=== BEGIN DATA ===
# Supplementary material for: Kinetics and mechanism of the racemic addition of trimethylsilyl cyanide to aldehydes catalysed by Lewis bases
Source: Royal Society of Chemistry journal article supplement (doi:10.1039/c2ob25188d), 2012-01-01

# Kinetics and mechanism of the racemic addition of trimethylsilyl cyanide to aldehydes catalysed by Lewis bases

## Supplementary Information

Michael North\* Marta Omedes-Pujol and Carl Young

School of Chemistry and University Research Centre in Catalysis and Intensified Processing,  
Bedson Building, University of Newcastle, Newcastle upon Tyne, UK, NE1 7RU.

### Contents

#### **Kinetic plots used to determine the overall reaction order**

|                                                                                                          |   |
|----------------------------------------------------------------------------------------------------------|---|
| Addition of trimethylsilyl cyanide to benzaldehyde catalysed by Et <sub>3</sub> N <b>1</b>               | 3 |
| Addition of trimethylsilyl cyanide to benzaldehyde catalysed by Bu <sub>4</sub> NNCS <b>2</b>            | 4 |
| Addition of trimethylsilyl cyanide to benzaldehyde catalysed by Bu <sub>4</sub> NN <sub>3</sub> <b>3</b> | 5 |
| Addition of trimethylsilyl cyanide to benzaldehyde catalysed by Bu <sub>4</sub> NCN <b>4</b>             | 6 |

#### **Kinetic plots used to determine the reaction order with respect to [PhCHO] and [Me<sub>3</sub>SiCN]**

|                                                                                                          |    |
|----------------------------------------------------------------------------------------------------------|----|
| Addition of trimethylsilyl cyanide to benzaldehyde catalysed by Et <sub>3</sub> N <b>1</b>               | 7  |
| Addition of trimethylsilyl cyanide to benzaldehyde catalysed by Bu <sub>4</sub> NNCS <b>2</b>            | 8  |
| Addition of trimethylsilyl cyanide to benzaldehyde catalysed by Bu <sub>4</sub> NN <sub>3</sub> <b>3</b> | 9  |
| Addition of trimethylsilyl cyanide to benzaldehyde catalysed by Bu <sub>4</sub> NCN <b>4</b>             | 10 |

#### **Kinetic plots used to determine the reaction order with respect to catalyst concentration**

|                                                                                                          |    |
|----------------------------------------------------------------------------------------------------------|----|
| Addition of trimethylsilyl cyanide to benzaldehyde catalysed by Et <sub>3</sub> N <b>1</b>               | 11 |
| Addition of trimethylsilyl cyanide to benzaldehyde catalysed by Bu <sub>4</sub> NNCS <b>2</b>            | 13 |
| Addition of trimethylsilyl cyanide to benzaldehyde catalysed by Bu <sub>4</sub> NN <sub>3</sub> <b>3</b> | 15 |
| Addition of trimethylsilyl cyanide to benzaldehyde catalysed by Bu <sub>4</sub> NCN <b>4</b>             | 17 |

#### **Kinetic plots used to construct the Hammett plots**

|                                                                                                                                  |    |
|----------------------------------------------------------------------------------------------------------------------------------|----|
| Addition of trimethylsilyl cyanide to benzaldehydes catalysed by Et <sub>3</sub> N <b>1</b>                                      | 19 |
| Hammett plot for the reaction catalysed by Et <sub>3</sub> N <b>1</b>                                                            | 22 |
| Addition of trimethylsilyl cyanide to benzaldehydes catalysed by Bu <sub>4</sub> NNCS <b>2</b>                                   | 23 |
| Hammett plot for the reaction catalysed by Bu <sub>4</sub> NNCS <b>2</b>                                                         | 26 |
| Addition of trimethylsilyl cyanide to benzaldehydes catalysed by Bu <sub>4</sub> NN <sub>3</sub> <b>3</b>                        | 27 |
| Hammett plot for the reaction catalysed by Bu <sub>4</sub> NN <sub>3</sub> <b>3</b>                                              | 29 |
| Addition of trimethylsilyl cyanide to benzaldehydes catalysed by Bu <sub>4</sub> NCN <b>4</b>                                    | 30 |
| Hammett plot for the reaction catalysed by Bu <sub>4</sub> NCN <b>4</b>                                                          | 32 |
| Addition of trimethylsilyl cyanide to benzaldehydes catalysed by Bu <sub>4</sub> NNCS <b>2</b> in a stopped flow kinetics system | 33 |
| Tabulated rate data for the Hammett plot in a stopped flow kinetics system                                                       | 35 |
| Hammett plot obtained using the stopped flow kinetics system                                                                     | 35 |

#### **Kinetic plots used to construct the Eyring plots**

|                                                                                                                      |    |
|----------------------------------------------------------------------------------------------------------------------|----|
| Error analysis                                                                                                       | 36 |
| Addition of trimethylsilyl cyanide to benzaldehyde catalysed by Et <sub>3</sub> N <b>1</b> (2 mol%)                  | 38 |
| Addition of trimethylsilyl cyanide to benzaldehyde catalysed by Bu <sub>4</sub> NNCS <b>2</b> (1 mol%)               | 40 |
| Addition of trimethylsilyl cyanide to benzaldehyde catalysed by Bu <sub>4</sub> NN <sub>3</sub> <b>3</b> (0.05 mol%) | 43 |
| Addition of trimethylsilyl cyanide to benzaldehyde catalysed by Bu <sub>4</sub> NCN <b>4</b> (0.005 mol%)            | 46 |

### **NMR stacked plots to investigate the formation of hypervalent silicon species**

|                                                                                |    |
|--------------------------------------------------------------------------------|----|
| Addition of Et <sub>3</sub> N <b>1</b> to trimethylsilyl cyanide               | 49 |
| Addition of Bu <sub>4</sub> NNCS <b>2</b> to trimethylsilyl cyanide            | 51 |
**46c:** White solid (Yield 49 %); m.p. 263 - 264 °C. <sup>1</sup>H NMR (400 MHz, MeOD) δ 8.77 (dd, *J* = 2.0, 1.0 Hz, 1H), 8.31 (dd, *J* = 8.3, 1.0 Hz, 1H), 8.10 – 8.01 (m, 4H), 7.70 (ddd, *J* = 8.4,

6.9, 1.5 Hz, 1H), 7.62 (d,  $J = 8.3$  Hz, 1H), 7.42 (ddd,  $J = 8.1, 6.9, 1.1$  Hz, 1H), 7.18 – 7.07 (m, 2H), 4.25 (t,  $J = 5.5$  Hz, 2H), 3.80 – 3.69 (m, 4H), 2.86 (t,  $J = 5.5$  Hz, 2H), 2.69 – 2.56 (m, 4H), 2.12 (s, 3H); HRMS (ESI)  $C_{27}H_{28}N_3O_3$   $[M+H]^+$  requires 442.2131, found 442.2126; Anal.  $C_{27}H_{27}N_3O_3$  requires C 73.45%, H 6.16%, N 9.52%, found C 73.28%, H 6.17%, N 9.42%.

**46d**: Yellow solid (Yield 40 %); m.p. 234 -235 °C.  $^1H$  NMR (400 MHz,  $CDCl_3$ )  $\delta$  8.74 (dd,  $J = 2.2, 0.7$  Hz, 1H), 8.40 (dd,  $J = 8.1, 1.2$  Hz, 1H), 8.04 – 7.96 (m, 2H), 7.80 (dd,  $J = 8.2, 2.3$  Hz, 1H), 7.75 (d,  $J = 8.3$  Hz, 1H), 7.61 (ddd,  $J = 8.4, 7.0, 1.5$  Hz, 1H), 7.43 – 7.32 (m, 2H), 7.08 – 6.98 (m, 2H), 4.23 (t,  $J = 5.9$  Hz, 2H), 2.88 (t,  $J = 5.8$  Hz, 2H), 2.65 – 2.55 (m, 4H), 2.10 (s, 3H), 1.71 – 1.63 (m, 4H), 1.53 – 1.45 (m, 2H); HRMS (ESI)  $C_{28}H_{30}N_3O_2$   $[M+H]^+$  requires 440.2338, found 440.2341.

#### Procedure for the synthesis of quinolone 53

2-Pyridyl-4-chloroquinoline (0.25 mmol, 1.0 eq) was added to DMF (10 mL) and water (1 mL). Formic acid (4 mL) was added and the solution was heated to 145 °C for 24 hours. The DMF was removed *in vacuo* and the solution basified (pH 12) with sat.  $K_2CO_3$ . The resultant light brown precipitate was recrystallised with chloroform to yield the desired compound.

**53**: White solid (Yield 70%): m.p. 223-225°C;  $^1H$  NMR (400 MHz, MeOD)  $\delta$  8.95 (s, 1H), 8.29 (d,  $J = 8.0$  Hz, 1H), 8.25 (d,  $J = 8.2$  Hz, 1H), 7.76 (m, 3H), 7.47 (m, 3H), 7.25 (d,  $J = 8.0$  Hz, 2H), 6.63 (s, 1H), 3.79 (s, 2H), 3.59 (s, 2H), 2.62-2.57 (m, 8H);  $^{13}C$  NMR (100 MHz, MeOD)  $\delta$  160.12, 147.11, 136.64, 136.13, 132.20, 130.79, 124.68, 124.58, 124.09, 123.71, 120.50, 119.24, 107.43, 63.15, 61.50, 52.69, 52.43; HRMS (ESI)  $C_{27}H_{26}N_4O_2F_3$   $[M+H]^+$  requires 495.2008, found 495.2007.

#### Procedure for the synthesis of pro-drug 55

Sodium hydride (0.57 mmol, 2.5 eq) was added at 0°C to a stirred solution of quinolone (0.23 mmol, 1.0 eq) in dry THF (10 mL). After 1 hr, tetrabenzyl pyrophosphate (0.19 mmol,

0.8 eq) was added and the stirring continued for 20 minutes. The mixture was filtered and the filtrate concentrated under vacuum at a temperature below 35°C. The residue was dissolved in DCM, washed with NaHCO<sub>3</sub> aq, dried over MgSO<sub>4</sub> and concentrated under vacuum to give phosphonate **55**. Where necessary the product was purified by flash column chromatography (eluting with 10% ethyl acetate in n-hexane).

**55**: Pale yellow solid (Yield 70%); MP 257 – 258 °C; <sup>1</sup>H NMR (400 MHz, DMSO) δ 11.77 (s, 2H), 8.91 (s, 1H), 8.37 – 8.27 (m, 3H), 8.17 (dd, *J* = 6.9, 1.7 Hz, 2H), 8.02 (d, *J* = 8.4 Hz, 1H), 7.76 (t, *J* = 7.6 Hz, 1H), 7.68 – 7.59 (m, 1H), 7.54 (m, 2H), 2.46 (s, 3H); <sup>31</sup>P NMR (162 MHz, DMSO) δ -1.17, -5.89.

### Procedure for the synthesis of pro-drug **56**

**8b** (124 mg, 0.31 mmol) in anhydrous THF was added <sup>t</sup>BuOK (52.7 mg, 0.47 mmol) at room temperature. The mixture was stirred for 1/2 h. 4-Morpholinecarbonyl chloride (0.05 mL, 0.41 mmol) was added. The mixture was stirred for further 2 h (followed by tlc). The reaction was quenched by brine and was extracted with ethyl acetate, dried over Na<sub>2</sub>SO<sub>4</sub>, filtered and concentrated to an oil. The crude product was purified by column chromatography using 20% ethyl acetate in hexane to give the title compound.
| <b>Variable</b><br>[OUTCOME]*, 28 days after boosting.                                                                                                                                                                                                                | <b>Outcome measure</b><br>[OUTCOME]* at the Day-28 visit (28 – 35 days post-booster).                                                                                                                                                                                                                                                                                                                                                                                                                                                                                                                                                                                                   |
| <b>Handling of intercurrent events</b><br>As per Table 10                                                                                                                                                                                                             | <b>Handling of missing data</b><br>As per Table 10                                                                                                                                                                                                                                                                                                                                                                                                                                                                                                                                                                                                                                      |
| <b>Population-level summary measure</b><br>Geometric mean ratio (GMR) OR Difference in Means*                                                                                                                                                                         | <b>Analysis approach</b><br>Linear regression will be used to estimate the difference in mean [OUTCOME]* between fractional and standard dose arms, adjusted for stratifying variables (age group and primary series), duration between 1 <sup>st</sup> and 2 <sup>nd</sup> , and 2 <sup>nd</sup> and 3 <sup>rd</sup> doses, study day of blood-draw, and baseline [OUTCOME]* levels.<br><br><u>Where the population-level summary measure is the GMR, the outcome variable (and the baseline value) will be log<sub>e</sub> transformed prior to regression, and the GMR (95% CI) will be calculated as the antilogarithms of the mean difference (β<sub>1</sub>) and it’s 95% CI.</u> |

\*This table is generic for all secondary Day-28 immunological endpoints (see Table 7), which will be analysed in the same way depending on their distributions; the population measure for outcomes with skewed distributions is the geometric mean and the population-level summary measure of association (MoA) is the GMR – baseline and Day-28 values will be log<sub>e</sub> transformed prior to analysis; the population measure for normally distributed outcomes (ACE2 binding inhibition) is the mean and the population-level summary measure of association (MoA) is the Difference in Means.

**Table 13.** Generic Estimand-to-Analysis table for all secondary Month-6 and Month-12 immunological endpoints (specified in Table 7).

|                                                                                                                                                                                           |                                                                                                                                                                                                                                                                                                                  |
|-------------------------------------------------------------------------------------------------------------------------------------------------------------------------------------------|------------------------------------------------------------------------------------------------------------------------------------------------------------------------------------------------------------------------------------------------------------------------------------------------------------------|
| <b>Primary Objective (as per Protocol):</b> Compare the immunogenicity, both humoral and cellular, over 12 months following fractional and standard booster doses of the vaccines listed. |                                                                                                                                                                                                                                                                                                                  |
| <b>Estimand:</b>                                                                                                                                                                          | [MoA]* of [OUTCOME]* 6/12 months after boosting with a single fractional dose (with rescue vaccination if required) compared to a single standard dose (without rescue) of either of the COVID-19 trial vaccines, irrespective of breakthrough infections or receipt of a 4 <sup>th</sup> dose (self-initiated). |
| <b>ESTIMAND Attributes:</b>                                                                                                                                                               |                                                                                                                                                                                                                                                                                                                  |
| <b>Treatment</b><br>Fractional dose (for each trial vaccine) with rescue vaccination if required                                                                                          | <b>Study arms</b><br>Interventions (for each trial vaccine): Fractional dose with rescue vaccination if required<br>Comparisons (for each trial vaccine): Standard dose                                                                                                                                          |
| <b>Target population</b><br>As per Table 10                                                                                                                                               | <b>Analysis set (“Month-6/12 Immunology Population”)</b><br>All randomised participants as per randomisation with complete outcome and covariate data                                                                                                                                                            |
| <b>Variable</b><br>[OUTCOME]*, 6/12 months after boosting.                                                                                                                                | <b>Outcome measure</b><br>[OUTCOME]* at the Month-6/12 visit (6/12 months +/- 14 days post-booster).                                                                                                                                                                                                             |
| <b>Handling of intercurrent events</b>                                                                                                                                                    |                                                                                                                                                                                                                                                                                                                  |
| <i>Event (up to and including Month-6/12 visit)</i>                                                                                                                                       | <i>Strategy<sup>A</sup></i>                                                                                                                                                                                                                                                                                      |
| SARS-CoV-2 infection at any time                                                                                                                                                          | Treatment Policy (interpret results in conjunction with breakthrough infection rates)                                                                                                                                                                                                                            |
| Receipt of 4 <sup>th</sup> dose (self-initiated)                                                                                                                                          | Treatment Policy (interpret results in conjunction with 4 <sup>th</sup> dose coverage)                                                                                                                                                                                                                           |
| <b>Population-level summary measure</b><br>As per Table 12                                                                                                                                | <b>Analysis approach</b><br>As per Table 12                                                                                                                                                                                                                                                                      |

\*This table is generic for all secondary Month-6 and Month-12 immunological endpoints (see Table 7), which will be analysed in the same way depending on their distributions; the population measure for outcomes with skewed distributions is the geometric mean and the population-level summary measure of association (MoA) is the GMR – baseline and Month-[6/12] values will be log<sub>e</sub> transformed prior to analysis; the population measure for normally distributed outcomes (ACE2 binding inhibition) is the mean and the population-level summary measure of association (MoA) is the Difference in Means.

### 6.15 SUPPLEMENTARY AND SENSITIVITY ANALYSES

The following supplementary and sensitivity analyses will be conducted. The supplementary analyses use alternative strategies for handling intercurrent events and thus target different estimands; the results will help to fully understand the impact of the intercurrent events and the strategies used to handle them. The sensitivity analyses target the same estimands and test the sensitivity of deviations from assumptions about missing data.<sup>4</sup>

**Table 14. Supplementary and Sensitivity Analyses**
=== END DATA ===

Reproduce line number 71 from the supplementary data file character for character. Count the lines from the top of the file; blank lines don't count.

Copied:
| <b>Population-level summary measure</b><br>Geometric mean ratio (GMR) OR Difference in Means*                                                                                                                                                                         | <b>Analysis approach</b><br>Linear regression will be used to estimate the difference in mean [OUTCOME]* between fractional and standard dose arms, adjusted for stratifying variables (age group and primary series), duration between 1 <sup>st</sup> and 2 <sup>nd</sup> , and 2 <sup>nd</sup> and 3 <sup>rd</sup> doses, study day of blood-draw, and baseline [OUTCOME]* levels.<br><br><u>Where the population-level summary measure is the GMR, the outcome variable (and the baseline value) will be log<sub>e</sub> transformed prior to regression, and the GMR (95% CI) will be calculated as the antilogarithms of the mean difference (β<sub>1</sub>) and it’s 95% CI.</u> |